Hibbs also tries to argue that manga has little in the way of return business. Once the kids have read through Chobits, they're done; whereas, of course, Watchmen still sells, thus proving that Western comics have better long term viability. Which is of course why all those trades of Spider Man 2099 are still selling like hotcakes. Oh doesn't. Quality works will have long term sales. Crap doesn't, mostly. Akira will have long term sales. Calvin and Hobbes (as Hibbs notes) will have long term sales. Watchmen will have long term sales. And Chobits (maybe, I can't really speak to it's quality), and Ghost Rider, and Cathy won't.

And finally, Hibbs makes the mistake of assuming that his store--located in a fairly cosmopolitan city, and evidently serving a pretty diverse clientele--is representative of stores nationwide. It ain't, based on my experience is six states. In most of the stores I've been to, a copy of Love and Rockets would be as rare a thing as a female customer.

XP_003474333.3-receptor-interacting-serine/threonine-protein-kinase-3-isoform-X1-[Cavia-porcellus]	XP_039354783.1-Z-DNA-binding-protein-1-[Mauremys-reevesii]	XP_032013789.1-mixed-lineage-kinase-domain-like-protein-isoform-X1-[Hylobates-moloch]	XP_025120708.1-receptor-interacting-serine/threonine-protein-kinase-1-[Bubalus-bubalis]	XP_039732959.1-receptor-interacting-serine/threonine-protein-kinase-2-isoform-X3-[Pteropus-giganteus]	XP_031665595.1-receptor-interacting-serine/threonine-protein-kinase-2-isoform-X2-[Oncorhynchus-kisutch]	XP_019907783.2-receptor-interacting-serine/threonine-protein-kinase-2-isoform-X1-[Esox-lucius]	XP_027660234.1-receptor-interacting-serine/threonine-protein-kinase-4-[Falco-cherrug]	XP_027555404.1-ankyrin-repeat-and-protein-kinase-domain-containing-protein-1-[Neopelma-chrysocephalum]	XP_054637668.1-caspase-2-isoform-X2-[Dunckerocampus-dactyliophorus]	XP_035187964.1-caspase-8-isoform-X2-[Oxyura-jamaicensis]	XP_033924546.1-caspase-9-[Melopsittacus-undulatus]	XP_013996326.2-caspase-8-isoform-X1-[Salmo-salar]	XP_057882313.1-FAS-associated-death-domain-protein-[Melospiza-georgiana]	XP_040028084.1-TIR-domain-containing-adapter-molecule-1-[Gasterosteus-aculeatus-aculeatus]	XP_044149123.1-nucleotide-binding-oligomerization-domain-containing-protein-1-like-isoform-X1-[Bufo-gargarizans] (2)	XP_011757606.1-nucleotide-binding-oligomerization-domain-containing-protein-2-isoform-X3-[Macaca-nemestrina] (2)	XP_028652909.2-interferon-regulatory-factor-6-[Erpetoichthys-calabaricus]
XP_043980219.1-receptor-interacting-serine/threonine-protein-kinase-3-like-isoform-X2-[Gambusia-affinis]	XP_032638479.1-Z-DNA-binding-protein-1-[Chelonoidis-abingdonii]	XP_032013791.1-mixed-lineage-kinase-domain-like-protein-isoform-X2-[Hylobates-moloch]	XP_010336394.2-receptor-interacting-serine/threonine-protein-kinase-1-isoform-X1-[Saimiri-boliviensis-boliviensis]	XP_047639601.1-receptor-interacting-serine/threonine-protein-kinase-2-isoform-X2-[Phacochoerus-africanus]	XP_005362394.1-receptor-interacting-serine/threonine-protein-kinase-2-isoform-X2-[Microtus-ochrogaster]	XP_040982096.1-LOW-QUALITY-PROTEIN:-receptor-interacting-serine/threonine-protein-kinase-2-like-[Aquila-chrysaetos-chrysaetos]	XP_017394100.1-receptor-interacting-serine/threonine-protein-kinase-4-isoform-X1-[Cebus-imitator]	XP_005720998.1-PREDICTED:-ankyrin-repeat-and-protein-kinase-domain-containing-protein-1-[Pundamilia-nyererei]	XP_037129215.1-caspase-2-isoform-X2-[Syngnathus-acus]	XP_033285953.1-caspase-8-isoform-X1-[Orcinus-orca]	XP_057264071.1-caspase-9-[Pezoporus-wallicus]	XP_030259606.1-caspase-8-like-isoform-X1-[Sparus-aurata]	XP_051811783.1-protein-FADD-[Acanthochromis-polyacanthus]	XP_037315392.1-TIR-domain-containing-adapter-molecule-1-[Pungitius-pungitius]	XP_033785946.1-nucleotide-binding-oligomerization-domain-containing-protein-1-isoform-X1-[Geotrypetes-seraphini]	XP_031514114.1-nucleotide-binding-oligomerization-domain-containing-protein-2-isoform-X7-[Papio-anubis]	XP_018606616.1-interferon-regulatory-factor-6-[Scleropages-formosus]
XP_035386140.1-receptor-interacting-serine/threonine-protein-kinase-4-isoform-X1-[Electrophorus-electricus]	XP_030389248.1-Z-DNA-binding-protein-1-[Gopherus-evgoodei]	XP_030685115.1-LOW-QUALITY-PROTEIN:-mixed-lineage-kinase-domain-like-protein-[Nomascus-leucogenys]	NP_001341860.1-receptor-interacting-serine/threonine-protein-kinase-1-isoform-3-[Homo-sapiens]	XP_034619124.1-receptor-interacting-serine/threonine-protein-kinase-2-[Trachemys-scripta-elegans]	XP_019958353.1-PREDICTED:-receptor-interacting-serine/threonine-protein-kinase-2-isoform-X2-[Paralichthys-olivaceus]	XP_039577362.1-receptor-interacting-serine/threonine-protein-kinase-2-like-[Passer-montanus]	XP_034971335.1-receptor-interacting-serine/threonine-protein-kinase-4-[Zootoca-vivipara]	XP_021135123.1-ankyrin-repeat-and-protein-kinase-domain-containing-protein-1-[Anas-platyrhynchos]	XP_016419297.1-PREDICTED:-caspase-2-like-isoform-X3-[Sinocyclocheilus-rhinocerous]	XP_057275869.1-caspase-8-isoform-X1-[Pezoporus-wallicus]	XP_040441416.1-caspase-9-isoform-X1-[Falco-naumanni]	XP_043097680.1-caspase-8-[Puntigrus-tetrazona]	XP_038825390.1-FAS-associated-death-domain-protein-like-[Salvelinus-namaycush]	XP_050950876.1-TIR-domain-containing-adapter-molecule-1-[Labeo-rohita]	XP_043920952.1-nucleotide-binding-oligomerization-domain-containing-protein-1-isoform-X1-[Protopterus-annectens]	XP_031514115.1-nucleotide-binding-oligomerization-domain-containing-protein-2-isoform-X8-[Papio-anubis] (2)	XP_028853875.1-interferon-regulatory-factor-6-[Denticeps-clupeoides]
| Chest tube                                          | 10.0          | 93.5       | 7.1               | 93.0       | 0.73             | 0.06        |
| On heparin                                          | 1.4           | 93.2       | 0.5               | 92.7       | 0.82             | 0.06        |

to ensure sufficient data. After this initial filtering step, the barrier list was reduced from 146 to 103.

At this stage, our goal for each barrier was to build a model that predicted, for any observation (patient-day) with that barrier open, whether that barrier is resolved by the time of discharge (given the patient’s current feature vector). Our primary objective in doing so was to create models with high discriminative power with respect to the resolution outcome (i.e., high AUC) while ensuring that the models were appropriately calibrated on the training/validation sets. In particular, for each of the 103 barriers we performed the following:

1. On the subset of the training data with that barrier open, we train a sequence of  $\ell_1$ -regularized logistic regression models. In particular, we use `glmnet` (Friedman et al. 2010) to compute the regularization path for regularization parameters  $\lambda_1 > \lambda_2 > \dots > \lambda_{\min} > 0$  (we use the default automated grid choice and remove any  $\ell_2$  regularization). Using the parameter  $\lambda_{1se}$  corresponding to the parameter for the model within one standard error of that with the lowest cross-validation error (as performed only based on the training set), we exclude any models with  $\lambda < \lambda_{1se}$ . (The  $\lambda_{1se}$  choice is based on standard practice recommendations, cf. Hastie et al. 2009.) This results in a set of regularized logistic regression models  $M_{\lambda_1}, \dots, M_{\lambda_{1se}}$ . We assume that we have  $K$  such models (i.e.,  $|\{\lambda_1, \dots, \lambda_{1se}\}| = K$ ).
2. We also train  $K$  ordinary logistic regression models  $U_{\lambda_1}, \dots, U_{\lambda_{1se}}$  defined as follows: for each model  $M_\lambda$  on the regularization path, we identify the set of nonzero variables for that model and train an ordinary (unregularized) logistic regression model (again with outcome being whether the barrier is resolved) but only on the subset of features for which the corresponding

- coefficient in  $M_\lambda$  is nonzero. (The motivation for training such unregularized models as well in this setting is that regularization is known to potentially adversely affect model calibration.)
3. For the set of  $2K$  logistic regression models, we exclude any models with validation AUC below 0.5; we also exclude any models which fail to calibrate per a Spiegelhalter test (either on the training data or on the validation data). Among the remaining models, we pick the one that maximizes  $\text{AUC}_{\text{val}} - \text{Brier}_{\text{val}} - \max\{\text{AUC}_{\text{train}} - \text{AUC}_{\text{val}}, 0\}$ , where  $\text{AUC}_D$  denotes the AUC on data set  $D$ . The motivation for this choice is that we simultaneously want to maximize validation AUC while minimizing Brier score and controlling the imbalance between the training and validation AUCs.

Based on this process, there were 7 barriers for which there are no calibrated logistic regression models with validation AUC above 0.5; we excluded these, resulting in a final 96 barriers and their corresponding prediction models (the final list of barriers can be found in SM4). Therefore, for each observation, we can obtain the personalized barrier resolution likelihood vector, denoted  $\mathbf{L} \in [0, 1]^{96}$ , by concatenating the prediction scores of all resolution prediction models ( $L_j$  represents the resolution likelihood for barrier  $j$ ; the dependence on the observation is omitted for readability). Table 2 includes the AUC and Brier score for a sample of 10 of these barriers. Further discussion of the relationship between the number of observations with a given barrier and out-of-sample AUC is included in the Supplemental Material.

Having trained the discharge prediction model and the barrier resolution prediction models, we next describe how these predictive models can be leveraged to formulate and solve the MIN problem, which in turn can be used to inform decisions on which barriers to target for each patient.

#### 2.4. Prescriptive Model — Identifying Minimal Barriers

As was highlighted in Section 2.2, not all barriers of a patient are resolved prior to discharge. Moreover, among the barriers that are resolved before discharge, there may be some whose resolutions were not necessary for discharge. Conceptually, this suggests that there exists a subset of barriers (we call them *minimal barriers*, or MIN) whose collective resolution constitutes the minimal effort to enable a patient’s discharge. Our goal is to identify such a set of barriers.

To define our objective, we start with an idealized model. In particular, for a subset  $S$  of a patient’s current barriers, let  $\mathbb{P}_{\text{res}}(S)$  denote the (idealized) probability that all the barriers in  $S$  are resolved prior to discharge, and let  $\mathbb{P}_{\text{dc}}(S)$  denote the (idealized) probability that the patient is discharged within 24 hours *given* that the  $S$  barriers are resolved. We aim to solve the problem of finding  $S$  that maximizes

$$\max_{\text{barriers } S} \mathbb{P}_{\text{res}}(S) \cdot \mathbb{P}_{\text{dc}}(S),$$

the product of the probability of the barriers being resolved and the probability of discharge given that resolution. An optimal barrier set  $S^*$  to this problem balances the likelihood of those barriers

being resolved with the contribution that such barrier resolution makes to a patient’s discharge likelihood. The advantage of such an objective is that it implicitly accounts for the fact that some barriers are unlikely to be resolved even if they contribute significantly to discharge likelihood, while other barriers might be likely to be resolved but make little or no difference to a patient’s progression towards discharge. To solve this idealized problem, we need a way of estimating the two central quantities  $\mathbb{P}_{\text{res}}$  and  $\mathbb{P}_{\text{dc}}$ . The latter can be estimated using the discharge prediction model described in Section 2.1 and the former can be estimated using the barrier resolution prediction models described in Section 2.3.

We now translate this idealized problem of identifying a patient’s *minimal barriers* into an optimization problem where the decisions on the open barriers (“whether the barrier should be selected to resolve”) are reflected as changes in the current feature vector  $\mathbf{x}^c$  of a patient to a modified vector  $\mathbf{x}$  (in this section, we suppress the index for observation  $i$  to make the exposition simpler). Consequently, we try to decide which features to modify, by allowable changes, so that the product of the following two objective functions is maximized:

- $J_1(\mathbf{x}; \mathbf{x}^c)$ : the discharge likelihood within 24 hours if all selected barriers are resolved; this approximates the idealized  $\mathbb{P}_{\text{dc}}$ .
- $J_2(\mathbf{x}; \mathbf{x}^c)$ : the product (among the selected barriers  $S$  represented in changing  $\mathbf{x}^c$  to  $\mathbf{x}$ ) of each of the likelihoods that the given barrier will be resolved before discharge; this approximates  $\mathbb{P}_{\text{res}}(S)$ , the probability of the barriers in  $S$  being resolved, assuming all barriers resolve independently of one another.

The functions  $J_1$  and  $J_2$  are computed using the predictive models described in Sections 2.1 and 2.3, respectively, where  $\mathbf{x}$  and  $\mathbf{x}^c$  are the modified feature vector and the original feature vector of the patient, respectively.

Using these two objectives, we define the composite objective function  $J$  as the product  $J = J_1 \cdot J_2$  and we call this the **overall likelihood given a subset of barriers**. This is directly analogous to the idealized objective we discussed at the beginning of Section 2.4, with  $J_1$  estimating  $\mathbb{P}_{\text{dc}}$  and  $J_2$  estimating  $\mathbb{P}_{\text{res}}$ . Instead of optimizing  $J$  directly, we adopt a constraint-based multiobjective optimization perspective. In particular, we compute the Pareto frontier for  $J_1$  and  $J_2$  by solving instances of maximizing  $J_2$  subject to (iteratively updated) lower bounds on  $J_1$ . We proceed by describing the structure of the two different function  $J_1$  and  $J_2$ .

Really, there are lots of smart ways to critique the bookstore market, or manga. We've in fact gone over lots of them. Hibbs' piece? Not one them.

When I said below that Dirk was the heart of comics blogdom, I meant it. And it's thus with sadness for the comics net that I extend to Dirk congratulations on the promotion; and hopefully we all can live up to his example with respect both the breadth of coverage and depth of thought.

Tuesday, February 10, 2004


Watchmen blogging? Feh. That's so, like, two weeks ago. This week the smart money is on a run of Dark Knight blogging. I don't have time (see below) for much in depth contribution to this sure to hopping topic, but I will say this: the genius of Frank Miller is that he at once strips characters to their essence and then inflates that essence until it fills the whole world.